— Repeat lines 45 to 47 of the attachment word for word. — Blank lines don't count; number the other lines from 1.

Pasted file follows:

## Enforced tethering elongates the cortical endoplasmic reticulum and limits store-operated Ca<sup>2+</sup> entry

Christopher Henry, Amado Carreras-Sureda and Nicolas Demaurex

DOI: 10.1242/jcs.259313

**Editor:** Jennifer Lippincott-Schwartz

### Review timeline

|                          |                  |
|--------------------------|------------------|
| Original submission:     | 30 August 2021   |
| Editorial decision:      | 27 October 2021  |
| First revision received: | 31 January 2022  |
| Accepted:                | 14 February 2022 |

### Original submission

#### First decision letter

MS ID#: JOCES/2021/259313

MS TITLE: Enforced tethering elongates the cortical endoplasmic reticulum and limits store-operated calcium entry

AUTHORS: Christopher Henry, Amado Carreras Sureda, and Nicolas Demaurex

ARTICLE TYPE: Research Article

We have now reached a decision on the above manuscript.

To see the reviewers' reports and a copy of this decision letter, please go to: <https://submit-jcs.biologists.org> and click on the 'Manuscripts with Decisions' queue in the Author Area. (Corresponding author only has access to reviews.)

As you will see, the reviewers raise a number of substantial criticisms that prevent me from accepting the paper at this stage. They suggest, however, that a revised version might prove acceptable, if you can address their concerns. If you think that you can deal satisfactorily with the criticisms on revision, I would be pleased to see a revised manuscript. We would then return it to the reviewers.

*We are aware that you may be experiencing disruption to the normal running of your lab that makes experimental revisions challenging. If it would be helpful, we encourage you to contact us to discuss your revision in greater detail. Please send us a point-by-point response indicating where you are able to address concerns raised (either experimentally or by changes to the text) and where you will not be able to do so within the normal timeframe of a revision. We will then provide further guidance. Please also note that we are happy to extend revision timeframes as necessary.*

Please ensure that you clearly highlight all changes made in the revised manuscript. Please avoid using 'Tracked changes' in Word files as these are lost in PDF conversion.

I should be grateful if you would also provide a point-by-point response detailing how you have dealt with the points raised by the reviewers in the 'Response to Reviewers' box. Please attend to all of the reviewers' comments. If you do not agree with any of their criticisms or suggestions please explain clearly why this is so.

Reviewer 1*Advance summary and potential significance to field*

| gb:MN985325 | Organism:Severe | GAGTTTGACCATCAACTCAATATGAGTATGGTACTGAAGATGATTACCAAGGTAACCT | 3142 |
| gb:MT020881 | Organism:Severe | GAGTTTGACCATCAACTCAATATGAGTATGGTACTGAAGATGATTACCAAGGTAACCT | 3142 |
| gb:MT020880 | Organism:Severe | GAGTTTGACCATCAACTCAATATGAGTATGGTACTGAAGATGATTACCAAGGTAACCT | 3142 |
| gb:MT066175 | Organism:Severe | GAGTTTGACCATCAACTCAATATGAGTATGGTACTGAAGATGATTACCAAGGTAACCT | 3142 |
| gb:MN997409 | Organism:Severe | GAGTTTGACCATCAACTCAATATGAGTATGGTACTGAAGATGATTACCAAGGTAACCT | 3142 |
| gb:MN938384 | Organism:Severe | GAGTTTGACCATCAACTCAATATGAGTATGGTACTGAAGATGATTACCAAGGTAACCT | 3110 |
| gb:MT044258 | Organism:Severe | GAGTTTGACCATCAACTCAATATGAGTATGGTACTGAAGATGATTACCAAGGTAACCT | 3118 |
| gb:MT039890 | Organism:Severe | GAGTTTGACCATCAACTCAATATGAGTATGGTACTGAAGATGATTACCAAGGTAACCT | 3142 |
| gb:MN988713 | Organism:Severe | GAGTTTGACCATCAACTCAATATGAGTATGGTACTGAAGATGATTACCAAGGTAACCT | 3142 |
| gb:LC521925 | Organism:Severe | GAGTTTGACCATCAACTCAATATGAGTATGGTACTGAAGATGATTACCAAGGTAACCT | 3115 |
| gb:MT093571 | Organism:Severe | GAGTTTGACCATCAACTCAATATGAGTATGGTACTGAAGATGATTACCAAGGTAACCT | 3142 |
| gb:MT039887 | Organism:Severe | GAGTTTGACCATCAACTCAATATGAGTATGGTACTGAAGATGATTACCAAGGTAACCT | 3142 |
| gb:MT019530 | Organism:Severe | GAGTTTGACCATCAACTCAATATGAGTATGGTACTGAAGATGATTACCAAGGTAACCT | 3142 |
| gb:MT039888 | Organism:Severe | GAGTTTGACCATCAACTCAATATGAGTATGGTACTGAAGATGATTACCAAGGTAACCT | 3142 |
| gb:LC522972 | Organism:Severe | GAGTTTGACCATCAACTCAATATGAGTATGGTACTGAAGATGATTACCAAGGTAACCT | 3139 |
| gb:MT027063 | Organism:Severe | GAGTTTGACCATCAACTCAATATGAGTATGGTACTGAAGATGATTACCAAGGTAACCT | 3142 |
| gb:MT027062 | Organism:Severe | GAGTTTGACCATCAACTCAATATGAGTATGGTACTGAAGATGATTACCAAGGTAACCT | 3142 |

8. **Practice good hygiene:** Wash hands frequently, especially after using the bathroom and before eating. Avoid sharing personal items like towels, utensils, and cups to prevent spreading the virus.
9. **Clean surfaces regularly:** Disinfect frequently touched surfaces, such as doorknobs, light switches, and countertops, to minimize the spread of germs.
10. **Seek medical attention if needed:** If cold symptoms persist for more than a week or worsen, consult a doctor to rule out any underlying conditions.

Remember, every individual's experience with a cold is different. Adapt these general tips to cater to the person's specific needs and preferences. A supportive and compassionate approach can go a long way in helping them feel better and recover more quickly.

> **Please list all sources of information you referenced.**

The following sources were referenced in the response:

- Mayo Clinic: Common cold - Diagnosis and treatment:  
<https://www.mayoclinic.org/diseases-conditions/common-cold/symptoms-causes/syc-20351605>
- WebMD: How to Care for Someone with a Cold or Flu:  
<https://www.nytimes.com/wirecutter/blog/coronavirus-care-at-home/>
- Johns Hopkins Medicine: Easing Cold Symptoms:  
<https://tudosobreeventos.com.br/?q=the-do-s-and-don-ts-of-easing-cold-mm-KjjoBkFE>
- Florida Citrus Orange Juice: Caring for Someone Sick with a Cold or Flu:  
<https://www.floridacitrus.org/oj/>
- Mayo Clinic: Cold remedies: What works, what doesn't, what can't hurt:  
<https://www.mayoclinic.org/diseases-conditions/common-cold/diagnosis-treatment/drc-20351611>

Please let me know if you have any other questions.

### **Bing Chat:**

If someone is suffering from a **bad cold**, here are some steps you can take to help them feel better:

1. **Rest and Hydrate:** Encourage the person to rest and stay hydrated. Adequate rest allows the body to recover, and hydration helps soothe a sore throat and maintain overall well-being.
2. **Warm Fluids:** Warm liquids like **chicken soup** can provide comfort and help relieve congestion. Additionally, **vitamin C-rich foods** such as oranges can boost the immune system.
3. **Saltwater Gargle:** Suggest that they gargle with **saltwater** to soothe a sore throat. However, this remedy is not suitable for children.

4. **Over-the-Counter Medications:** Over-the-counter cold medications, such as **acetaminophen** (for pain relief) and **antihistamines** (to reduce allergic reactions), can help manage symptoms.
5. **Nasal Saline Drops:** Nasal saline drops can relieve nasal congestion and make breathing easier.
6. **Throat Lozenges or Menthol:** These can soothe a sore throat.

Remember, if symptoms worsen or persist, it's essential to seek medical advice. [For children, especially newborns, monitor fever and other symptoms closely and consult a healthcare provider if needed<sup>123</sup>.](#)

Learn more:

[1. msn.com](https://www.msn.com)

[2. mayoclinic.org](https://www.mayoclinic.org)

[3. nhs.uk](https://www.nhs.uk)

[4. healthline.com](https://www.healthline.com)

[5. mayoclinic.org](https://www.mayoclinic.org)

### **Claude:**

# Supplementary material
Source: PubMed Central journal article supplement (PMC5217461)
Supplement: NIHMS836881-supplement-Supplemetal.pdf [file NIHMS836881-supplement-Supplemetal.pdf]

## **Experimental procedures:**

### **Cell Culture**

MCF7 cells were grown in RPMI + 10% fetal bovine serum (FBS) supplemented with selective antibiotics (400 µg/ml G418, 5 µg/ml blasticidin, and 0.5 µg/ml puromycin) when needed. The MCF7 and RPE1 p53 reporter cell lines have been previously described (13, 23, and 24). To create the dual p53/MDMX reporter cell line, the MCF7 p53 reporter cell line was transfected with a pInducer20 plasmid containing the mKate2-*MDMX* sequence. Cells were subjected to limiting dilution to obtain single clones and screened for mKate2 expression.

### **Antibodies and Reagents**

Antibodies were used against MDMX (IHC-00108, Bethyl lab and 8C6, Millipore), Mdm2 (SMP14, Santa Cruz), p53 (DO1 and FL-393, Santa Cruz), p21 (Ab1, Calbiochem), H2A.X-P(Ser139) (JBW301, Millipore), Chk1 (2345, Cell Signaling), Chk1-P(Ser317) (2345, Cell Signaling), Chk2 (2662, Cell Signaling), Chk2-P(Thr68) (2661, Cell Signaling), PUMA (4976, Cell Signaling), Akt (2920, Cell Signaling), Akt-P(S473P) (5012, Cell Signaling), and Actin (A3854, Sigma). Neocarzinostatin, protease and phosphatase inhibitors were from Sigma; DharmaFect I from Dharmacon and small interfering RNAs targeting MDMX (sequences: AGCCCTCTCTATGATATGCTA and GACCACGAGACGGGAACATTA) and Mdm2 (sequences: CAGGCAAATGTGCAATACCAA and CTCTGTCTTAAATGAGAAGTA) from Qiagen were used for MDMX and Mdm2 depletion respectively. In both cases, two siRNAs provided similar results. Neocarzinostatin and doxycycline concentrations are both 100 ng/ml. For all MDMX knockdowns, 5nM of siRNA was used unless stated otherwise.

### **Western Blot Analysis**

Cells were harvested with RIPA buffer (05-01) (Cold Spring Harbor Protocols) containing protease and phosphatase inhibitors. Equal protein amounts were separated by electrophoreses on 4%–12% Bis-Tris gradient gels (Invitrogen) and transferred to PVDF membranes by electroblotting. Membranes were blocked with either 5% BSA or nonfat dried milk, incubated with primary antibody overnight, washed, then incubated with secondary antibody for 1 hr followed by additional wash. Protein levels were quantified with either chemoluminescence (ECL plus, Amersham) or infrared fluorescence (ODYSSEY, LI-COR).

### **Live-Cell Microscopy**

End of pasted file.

Remember, every individual's experience with a cold is different. Adapt these general tips to cater to the person's specific needs and preferences. A supportive and compassionate approach can go a long way in helping them feel better and recover more quickly.

> **Please list all sources of information you referenced.**

The following sources were referenced in the response: